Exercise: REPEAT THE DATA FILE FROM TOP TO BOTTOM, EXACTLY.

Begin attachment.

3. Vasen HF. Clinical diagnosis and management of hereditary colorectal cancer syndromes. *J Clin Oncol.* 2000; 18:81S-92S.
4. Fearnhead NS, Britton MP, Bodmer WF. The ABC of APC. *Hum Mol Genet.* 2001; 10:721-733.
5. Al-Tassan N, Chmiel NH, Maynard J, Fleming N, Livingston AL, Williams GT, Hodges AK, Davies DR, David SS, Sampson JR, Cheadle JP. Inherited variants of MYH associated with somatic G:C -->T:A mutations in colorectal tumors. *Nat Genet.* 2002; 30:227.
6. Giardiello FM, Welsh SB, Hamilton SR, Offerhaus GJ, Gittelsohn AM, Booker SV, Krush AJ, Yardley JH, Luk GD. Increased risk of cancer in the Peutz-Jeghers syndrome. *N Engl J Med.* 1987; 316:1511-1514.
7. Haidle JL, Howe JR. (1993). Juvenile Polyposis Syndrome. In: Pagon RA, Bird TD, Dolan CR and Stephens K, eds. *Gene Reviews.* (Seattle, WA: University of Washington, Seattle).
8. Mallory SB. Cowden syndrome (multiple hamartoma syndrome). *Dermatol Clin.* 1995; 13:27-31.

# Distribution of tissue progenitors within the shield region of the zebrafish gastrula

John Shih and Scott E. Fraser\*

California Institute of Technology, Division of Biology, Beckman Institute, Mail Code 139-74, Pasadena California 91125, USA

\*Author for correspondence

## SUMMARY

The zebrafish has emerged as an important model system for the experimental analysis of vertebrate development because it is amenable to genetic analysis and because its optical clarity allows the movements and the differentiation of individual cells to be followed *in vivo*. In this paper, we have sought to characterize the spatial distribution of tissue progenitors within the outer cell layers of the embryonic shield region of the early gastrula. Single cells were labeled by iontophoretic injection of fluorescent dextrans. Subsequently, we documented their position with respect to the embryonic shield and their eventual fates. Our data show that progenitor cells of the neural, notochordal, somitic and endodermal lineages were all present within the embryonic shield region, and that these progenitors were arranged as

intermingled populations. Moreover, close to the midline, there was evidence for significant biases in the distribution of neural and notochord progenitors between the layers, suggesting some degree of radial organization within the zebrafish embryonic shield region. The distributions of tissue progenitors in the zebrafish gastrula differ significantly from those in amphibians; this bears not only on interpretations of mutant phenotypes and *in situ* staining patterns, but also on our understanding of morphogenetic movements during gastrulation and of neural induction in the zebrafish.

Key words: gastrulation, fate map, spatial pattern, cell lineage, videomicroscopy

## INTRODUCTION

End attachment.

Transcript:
3. Vasen HF. Clinical diagnosis and management of hereditary colorectal cancer syndromes. *J Clin Oncol.* 2000; 18:81S-92S.
4. Fearnhead NS, Britton MP, Bodmer WF. The ABC of APC. *Hum Mol Genet.* 2001; 10:721-733.
5. Al-Tassan N, Chmiel NH, Maynard J, Fleming N, Livingston AL, Williams GT, Hodges AK, Davies DR, David SS, Sampson JR, Cheadle JP. Inherited variants of MYH associated with somatic G:C -->T:A mutations in colorectal tumors. *Nat Genet.* 2002; 30:227.
6. Giardiello FM, Welsh SB, Hamilton SR, Offerhaus GJ, Gittelsohn AM, Booker SV, Krush AJ, Yardley JH, Luk GD. Increased risk of cancer in the Peutz-Jeghers syndrome. *N Engl J Med.* 1987; 316:1511-1514.
7. Haidle JL, Howe JR. (1993). Juvenile Polyposis Syndrome. In: Pagon RA, Bird TD, Dolan CR and Stephens K, eds. *Gene Reviews.* (Seattle, WA: University of Washington, Seattle).
8. Mallory SB. Cowden syndrome (multiple hamartoma syndrome). *Dermatol Clin.* 1995; 13:27-31.

# Distribution of tissue progenitors within the shield region of the zebrafish gastrula

John Shih and Scott E. Fraser\*

California Institute of Technology, Division of Biology, Beckman Institute, Mail Code 139-74, Pasadena California 91125, USA

\*Author for correspondence

## SUMMARY

The zebrafish has emerged as an important model system for the experimental analysis of vertebrate development because it is amenable to genetic analysis and because its optical clarity allows the movements and the differentiation of individual cells to be followed *in vivo*. In this paper, we have sought to characterize the spatial distribution of tissue progenitors within the outer cell layers of the embryonic shield region of the early gastrula. Single cells were labeled by iontophoretic injection of fluorescent dextrans. Subsequently, we documented their position with respect to the embryonic shield and their eventual fates. Our data show that progenitor cells of the neural, notochordal, somitic and endodermal lineages were all present within the embryonic shield region, and that these progenitors were arranged as

intermingled populations. Moreover, close to the midline, there was evidence for significant biases in the distribution of neural and notochord progenitors between the layers, suggesting some degree of radial organization within the zebrafish embryonic shield region. The distributions of tissue progenitors in the zebrafish gastrula differ significantly from those in amphibians; this bears not only on interpretations of mutant phenotypes and *in situ* staining patterns, but also on our understanding of morphogenetic movements during gastrulation and of neural induction in the zebrafish.

Key words: gastrulation, fate map, spatial pattern, cell lineage, videomicroscopy

## INTRODUCTION